This can become a complicated area of planning and we advise you to always speak to a professional planner. Whilst it is extremely tax efficient, is it actually the right thing to do at your stage of life? Every individual is different in what they are aiming to achieve, and this highlights the importance of understanding those objectives first before contributing as much as possible at the outset. As a financial planning firm, we must first assess whether you need to do this, or whether other areas of planning are more relevant at that time.


Are there any taxes I should account for when it comes to investment planning?


Outside of pensions and ISAs, which are generally seen as the first port of call for long term savings, some individuals are lucky enough to hold Unit Trust accounts (UTs), or General Investment Accounts (GIA) alongside their ISAs. Here we refer to them as GIAs.


These accounts can incur dividend tax throughout the year, as well as Capital Gains Tax (CGT) upon realisation of any gains.


Each individual has an annual dividend allowance of £2,000 (2020/21) before tax is payable. Please ensure that you assess your holdings in these types of accounts, because if your investment is producing an annual dividend greater than this allowance throughout the tax year, it will have to be disclosed on a tax return. A good way to reduce this this tax is to hold a GIA in joint names, which then effectively doubles your dividend allowance, providing this is not being used up elsewhere.


CGT is payable upon disposal of a relevant asset, such as GIA, direct equity/share or rental property to name a few. If that gain breaches the annual allowance of £12,300 (2020/21) CGT becomes payable on the excess.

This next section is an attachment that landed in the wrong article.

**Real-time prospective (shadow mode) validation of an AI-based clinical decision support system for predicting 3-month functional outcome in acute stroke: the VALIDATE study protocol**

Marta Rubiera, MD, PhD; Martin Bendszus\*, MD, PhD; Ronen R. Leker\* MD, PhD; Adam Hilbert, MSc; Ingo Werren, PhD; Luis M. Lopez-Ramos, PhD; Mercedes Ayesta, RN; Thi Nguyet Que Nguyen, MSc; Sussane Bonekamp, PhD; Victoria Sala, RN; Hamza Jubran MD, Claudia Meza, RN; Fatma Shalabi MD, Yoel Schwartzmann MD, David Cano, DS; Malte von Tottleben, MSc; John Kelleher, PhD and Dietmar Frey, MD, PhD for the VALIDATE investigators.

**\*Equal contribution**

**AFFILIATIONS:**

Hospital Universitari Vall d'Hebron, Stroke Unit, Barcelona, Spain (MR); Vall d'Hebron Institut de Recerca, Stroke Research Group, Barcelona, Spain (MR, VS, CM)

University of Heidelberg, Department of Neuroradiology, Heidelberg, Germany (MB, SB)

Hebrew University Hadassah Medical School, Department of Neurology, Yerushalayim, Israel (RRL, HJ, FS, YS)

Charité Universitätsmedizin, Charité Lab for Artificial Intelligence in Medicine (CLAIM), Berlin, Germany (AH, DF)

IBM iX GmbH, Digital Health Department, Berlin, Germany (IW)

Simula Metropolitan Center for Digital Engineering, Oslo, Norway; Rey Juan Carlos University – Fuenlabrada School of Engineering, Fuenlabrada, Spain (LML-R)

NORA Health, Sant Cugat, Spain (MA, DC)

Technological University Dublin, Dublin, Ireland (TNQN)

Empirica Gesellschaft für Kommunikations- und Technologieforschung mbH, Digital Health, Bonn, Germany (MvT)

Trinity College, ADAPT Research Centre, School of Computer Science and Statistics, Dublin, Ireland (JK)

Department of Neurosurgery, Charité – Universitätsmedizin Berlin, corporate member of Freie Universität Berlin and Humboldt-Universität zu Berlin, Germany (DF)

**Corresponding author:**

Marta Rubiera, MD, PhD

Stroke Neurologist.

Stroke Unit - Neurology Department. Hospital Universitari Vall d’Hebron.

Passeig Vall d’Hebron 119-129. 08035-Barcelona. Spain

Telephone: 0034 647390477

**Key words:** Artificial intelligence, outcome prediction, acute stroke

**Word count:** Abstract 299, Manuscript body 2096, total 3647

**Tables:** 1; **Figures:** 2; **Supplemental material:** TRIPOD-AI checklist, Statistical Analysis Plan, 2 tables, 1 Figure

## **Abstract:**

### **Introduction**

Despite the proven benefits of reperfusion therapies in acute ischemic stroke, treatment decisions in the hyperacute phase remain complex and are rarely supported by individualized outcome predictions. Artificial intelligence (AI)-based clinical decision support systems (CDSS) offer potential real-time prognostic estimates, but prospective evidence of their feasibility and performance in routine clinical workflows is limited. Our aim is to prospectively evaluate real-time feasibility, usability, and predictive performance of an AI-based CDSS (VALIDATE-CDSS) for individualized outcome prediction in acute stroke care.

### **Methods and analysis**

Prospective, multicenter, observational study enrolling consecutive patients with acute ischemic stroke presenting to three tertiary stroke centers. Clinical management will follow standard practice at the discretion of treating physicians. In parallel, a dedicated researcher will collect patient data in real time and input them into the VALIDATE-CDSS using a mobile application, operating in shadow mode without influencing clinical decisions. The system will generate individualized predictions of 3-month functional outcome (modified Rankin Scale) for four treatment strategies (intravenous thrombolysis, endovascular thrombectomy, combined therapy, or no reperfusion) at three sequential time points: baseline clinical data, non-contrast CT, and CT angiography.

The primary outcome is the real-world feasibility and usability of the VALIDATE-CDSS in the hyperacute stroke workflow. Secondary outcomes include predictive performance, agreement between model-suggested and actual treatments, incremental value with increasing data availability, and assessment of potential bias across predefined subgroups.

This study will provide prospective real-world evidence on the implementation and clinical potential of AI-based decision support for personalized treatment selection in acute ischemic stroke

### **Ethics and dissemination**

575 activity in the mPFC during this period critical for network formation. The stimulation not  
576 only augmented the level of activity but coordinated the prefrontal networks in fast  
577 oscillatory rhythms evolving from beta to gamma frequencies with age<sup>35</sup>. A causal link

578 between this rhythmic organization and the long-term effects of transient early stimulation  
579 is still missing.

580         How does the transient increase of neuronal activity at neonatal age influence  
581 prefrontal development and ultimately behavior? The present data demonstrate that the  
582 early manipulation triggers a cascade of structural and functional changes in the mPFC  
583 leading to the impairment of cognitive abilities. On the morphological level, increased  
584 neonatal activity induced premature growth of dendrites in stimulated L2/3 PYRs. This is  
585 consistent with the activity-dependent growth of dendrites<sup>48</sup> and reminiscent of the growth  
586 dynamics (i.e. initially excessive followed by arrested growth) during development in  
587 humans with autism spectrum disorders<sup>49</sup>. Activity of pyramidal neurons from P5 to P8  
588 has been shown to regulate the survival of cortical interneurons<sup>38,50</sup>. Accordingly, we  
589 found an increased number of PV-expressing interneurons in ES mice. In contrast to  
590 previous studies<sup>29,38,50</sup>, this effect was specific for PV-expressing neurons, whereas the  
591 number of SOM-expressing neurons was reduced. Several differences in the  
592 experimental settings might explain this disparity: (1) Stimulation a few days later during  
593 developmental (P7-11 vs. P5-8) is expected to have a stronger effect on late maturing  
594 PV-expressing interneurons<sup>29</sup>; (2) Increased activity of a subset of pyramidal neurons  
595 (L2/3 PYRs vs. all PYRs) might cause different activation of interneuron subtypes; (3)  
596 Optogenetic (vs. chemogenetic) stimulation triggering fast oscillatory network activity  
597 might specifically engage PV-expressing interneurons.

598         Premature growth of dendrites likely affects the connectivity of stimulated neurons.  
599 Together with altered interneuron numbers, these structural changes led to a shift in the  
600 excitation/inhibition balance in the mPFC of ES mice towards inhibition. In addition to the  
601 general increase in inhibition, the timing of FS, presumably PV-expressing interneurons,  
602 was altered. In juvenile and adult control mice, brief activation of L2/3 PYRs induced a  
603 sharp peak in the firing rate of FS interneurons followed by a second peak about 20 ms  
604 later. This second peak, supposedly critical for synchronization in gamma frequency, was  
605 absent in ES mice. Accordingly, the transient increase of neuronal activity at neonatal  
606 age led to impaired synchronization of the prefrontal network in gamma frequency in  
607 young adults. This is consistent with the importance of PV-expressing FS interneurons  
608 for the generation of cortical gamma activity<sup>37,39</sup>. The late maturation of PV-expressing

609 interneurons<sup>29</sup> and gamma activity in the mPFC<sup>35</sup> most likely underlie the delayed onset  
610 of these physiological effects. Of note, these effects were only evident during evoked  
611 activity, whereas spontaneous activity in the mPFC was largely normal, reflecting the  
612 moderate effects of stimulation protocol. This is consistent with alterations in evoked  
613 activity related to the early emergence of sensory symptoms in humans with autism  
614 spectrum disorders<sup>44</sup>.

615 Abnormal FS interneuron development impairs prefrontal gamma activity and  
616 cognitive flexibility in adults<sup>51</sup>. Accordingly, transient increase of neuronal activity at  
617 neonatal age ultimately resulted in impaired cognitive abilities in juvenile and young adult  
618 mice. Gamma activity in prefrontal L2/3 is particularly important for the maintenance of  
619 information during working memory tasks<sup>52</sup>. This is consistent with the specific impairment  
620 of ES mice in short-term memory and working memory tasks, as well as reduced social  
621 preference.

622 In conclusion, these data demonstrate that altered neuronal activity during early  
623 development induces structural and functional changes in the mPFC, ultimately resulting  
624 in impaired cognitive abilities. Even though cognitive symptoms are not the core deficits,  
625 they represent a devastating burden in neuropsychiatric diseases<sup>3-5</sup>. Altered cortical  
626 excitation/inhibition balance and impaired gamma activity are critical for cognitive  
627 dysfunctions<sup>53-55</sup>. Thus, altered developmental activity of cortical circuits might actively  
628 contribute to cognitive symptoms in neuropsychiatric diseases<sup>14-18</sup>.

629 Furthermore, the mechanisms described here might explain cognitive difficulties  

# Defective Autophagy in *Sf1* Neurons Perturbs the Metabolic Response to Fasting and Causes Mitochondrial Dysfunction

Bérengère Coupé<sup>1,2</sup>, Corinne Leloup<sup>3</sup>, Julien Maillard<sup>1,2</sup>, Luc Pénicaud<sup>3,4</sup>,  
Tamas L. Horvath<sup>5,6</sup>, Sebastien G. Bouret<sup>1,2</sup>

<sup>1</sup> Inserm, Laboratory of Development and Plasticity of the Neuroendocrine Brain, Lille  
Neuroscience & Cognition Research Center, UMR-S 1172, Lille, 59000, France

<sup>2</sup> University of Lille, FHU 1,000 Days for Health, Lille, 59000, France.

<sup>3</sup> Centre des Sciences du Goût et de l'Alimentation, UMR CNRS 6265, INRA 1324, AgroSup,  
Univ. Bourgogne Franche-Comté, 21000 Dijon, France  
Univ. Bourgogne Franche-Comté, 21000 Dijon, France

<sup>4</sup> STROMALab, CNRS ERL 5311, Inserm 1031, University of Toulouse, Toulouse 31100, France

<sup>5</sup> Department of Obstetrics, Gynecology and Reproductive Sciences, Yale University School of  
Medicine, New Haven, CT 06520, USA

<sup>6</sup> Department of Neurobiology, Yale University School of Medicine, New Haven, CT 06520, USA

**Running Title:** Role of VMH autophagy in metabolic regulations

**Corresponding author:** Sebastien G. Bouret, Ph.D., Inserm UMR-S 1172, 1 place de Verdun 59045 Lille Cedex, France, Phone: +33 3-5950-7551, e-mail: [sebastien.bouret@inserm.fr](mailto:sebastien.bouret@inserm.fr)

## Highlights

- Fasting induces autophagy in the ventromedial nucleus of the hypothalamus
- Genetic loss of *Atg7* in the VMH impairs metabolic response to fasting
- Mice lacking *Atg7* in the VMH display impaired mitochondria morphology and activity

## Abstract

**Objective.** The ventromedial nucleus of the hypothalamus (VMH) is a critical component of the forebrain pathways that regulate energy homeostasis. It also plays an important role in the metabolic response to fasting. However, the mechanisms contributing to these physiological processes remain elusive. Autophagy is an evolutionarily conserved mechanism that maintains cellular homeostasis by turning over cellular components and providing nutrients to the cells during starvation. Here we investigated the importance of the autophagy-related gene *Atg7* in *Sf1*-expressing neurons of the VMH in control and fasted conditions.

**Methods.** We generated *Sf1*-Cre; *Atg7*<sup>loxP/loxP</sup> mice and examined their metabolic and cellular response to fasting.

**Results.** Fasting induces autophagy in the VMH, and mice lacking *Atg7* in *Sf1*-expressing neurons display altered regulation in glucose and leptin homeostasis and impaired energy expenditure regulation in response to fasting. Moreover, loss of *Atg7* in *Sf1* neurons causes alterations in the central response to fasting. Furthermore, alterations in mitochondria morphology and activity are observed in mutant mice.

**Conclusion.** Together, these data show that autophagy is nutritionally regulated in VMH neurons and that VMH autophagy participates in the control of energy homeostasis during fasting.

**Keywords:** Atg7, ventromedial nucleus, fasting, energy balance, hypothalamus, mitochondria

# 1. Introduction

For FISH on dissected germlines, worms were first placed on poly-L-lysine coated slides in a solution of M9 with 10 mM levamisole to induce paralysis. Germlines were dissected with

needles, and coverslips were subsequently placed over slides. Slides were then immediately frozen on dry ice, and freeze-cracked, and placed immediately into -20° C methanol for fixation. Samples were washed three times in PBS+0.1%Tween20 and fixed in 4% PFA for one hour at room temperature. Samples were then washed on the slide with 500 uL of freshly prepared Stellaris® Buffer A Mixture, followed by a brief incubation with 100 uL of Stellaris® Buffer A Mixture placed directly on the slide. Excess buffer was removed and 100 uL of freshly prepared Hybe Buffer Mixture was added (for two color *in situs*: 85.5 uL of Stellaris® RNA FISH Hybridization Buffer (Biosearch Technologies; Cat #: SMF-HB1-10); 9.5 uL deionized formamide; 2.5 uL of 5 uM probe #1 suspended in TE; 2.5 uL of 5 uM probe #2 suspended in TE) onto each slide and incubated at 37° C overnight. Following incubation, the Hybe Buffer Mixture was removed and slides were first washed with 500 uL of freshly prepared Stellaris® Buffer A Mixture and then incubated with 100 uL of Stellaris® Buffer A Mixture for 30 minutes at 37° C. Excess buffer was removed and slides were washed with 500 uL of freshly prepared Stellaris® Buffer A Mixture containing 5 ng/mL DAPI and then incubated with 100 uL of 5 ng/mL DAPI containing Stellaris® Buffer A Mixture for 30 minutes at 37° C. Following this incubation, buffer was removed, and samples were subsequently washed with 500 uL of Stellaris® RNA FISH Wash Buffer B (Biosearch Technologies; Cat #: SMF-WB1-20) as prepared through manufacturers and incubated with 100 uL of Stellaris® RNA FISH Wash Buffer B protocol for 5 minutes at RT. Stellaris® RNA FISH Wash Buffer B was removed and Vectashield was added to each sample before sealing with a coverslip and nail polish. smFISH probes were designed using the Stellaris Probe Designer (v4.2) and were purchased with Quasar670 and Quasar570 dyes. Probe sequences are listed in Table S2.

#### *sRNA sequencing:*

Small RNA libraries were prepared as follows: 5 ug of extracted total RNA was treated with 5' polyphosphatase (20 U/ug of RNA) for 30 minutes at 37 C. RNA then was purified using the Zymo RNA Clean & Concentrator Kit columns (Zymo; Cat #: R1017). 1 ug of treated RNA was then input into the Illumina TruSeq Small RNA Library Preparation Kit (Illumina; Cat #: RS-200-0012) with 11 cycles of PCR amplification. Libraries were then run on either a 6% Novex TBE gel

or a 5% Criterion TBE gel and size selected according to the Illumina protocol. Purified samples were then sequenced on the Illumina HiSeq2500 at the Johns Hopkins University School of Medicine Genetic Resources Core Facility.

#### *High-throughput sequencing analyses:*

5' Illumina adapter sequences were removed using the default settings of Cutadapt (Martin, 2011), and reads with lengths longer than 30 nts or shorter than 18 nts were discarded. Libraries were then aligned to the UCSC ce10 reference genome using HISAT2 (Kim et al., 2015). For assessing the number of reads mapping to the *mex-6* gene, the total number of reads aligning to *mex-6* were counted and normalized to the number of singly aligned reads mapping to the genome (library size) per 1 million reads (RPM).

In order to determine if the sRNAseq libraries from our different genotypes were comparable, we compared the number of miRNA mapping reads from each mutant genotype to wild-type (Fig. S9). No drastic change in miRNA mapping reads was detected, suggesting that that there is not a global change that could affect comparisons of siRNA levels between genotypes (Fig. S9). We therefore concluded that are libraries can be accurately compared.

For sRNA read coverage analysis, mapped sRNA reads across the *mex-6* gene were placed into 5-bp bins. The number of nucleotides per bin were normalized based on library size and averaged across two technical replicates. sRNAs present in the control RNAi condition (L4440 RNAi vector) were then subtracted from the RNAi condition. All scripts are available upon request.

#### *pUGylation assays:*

With this comes planning opportunities - take the GIA for example. By encashing or surrendering units in this type of plan regularly, taking care to stay within the CGT allowance above, you can create a good opportunity to avoid CGT by not allowing un-realised gains to accrue for too long into the future.


This is also useful when you need to utilise your ISA allowances for the tax year. You can disinvest units in your GIA, crystallising gains within your CGT allowance, and then convert these into your ISA. This is commonly known as a ‘Bed & ISA’ and should be carried out every year if you hold both an ISA and GIA alongside one another. Although another topic entirely, this is a big benefit of using a trading platform for your investment portfolio, so that switches and conversions like this can be carried out seamlessly.


Whenever you switch the underlying funds within your GIA this disinvestment will realise capital gains before they are re-invested into the new funds. However, this can be used to your advantage, especially for investments that have seen significant growth over the years.


By regularly reviewing your investment portfolio you can ensure that the annual CGT allowance is used efficiently and avoids any unwanted tax surprises in the future.


Allowances and tax source – www.gov.uk for further information


Please note that past investment performance is not a guide to future performance. Potential for profit is accompanied by the possibility of loss. The value of investment funds and the income from them may go down as well as up and investors may not get back the original amount invested. 

Tax is dependent on your own personal situation and circumstances and thresholds are subject to change without notice.  The content of this material is provided in good faith and refers to our understanding of current taxation legislation at this time.  If you require further information please talk to a Kellands adviser.